Jason Snell, on Apple’s moves to maintain control over the App Store and native iPhone app development by prohibiting the use of third-party meta-platforms:
Sounds good, but the develop-once-run-anywhere philosophy is
something that makes more sense to bean counters and
development-environment vendors than it does to platform owners
and discriminating users. In the ’90s we were told that Java
apps would be the future of software, because you could write them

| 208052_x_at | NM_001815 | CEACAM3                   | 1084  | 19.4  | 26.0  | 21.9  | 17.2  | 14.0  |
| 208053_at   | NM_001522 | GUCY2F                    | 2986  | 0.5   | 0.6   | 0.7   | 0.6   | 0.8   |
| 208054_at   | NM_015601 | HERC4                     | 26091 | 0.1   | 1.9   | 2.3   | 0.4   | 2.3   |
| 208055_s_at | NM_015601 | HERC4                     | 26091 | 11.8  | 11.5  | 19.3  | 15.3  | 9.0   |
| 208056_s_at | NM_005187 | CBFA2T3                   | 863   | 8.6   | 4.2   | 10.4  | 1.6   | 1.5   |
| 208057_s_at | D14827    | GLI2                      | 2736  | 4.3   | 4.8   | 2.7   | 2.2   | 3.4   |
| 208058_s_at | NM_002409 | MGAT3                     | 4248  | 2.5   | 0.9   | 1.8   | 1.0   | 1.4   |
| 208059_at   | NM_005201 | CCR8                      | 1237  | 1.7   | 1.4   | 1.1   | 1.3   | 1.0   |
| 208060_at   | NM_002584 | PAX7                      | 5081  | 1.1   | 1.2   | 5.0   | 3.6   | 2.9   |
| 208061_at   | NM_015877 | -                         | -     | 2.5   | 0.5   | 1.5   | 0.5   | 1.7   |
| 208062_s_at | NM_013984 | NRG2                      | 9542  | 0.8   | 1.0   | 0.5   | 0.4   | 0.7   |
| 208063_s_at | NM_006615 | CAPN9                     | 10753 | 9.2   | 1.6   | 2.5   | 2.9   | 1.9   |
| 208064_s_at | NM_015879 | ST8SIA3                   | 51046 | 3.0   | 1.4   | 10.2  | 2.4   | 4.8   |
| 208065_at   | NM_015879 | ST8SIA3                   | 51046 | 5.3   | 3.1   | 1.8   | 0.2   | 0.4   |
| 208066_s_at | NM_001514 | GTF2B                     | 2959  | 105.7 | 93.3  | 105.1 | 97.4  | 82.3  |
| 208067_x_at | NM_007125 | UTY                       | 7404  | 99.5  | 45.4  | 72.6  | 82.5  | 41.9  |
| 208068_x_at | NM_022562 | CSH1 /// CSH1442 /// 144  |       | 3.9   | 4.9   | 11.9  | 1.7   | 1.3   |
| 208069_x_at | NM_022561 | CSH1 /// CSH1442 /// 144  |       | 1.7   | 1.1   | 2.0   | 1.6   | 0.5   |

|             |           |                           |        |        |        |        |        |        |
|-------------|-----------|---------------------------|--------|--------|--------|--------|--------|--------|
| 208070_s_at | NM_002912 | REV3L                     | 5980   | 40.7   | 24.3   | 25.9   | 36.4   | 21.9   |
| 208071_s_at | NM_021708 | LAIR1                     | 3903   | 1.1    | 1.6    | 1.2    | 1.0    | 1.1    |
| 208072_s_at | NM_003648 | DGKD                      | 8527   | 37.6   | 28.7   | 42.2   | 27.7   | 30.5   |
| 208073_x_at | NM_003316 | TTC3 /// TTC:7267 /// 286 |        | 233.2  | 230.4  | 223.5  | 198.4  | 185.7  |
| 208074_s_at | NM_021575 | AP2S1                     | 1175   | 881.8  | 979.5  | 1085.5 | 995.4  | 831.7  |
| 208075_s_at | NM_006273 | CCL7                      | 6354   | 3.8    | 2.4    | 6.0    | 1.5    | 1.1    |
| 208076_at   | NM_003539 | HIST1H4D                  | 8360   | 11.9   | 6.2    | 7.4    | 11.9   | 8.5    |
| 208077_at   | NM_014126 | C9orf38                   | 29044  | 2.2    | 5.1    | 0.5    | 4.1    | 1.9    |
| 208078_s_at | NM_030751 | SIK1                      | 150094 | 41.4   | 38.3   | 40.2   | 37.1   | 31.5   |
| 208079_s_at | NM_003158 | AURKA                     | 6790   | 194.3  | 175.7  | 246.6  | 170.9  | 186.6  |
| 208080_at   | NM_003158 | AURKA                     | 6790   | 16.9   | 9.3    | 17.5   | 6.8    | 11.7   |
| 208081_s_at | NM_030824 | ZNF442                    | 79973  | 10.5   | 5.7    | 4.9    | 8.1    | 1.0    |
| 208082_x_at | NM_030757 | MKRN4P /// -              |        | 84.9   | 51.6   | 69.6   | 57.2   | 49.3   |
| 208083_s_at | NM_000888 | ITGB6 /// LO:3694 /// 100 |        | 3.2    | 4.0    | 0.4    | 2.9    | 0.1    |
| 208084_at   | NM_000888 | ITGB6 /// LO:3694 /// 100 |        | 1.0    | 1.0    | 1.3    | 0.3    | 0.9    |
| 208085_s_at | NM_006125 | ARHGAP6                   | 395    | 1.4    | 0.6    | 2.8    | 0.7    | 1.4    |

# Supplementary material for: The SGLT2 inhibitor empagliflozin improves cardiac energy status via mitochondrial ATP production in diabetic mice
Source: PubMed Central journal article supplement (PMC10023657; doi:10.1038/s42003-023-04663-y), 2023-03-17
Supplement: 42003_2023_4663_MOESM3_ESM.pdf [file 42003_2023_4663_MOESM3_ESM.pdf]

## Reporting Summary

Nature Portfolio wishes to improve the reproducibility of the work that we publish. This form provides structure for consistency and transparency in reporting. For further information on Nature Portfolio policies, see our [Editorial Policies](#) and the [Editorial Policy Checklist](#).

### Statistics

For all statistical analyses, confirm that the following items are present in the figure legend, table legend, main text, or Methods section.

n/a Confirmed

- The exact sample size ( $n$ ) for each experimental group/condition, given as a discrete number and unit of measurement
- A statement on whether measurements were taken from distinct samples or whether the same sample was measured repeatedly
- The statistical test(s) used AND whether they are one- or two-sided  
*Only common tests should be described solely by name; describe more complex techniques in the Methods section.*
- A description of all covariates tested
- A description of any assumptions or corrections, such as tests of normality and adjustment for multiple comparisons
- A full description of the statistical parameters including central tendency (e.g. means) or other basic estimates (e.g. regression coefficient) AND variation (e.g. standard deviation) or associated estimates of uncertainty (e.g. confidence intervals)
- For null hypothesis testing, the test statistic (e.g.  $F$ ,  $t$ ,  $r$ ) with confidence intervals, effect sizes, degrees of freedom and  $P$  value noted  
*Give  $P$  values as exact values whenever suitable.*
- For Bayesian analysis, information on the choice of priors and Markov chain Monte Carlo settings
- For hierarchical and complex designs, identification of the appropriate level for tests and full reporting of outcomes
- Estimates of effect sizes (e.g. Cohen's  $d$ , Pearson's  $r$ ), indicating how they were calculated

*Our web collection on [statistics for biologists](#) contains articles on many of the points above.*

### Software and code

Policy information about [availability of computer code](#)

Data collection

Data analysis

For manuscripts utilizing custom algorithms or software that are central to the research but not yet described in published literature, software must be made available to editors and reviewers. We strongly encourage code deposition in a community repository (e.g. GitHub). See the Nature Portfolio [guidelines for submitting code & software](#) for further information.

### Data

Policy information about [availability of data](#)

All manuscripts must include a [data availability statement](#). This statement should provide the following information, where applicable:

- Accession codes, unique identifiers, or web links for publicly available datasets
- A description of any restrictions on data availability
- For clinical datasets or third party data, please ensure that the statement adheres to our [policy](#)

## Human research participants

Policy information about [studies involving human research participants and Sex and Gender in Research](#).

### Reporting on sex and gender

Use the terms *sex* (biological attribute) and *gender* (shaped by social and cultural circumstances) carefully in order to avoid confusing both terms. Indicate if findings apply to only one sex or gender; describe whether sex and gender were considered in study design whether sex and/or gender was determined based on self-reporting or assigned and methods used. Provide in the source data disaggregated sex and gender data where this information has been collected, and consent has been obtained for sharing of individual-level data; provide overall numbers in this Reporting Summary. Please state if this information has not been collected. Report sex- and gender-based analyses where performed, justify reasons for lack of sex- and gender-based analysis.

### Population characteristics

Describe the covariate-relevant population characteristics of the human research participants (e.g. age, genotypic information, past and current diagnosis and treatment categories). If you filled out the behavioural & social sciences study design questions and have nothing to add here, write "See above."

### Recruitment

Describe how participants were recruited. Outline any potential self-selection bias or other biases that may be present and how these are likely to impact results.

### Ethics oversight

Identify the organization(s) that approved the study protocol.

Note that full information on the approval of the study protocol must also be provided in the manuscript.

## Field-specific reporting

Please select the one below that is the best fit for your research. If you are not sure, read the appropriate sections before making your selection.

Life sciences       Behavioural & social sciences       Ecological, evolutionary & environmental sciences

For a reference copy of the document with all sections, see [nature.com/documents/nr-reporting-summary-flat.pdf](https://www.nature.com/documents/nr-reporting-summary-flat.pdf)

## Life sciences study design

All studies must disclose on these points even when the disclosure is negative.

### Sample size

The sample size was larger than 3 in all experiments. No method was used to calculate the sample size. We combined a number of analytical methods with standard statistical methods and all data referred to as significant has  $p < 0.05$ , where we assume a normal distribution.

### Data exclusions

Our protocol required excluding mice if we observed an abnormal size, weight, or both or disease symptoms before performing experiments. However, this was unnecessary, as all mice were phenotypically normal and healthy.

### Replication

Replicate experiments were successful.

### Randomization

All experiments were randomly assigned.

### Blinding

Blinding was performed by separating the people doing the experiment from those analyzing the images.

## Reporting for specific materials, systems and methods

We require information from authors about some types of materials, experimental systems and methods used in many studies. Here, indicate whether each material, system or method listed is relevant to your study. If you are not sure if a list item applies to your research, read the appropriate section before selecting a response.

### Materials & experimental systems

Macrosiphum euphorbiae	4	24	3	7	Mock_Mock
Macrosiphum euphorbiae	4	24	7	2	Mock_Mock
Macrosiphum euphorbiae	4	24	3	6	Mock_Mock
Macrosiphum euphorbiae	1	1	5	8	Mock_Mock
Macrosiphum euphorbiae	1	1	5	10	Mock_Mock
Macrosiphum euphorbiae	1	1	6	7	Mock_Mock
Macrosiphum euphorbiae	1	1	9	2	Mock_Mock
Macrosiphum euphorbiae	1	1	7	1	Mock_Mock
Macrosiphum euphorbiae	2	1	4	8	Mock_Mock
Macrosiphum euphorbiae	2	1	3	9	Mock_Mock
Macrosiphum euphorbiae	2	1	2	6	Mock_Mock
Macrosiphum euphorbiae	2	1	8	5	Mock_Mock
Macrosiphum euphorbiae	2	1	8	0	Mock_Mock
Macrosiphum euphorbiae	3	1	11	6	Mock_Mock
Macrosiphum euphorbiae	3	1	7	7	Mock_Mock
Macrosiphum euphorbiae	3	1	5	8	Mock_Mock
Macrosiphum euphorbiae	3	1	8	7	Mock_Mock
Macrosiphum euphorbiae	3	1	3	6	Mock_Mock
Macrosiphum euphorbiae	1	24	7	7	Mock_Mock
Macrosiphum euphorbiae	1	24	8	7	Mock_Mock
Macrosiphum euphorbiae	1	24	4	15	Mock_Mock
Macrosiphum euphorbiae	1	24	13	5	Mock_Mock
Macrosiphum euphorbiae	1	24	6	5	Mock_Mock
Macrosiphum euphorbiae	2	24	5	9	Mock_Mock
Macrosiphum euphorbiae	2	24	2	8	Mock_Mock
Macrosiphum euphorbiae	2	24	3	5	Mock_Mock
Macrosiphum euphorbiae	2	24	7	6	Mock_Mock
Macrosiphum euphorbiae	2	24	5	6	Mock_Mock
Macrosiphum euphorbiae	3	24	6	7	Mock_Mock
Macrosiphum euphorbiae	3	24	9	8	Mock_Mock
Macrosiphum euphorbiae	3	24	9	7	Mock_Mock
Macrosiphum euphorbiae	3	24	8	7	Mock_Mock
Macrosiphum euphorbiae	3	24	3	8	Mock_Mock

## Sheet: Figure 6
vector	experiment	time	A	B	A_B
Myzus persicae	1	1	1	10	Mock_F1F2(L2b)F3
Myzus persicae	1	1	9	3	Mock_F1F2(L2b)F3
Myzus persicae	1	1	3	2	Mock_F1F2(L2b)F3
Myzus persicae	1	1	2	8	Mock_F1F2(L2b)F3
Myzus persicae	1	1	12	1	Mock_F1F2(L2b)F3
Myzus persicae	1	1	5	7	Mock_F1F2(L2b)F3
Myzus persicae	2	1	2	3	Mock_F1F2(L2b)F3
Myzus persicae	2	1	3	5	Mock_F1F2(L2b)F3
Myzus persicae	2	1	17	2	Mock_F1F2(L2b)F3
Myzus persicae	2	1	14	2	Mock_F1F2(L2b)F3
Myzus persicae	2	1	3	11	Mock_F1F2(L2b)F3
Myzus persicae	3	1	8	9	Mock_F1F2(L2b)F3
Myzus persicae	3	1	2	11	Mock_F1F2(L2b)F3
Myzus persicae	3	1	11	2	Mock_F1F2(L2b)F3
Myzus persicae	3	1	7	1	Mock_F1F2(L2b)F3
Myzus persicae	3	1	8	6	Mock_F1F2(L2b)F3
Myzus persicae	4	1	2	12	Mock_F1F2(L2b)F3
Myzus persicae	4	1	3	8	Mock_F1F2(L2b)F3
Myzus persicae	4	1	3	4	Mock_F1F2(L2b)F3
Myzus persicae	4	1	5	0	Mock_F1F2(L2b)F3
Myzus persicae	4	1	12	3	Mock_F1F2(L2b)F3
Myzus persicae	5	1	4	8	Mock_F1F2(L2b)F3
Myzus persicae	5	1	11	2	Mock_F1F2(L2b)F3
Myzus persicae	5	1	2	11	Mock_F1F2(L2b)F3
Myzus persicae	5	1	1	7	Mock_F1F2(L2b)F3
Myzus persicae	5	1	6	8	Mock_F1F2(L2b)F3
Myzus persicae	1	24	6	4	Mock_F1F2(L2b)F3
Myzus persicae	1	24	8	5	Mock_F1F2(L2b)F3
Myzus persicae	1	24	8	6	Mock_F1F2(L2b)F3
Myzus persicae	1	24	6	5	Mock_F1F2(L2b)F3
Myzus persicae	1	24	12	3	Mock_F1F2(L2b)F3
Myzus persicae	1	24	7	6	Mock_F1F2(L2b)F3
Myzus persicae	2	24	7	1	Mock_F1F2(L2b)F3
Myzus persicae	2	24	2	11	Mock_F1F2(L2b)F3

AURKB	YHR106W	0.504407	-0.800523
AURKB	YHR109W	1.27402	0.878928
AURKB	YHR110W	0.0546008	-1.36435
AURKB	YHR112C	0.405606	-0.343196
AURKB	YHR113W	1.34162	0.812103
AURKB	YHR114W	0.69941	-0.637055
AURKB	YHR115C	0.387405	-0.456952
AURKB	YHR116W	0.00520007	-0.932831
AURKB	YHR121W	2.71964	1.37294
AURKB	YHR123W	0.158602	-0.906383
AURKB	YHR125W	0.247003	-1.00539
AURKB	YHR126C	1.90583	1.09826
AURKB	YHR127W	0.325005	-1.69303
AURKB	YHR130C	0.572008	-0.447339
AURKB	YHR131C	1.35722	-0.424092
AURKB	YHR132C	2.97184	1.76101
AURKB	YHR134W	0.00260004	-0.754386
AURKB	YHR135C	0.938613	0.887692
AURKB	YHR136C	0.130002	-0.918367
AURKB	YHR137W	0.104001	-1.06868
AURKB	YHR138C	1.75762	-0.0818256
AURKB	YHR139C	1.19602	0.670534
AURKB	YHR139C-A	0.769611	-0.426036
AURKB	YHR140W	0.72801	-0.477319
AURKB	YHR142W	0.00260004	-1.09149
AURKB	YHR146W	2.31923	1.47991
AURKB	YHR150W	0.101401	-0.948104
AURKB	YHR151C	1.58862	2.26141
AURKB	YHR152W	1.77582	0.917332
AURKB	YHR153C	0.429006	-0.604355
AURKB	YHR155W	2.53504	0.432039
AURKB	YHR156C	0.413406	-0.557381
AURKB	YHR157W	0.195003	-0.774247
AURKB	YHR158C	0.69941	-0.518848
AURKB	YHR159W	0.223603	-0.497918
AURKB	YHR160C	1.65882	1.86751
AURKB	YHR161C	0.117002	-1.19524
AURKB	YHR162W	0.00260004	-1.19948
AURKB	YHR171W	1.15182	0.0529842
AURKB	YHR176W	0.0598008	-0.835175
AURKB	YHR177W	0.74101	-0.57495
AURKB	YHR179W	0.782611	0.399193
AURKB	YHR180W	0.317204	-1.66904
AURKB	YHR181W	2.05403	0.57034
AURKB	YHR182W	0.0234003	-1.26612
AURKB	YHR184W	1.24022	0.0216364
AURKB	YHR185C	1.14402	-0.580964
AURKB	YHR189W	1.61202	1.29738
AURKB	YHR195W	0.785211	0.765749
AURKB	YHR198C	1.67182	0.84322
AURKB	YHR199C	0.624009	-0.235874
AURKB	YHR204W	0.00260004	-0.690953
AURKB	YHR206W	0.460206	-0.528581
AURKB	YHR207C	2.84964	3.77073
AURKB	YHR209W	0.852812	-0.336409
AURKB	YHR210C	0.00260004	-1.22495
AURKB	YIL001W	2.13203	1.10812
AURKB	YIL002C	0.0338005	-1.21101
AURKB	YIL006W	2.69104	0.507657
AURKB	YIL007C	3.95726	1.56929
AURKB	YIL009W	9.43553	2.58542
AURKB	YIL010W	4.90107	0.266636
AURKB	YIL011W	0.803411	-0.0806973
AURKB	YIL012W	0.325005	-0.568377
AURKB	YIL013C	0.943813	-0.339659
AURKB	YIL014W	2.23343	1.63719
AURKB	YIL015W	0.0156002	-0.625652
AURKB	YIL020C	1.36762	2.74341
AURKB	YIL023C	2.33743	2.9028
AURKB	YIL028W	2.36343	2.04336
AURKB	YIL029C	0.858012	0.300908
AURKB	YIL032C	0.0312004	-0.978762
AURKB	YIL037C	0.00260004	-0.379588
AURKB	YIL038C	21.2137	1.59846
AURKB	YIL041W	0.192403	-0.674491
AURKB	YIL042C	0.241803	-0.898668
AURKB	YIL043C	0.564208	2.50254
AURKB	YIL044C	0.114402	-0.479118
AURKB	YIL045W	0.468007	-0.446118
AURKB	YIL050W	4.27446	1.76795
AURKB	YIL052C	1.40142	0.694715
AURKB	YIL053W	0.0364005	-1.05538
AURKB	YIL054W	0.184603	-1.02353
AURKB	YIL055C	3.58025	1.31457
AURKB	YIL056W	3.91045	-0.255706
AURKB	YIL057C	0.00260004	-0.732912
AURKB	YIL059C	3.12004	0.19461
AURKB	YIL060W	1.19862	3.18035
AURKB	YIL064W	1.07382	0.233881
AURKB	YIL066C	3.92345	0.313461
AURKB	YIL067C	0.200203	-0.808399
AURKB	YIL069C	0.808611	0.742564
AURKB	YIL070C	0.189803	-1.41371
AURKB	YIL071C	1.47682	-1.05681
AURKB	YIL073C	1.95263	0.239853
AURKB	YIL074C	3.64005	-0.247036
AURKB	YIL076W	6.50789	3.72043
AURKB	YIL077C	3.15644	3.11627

once and deploy them anywhere. As someone who used to use a
Java-based Mac app on an almost daily basis, let me tell you: it
was a disaster. Java apps didn’t behave like Mac apps. They were
ugly and awful and weird, but hey, at least they ran on the Mac.
It’s the same way I feel about Adobe’s AIR environment today.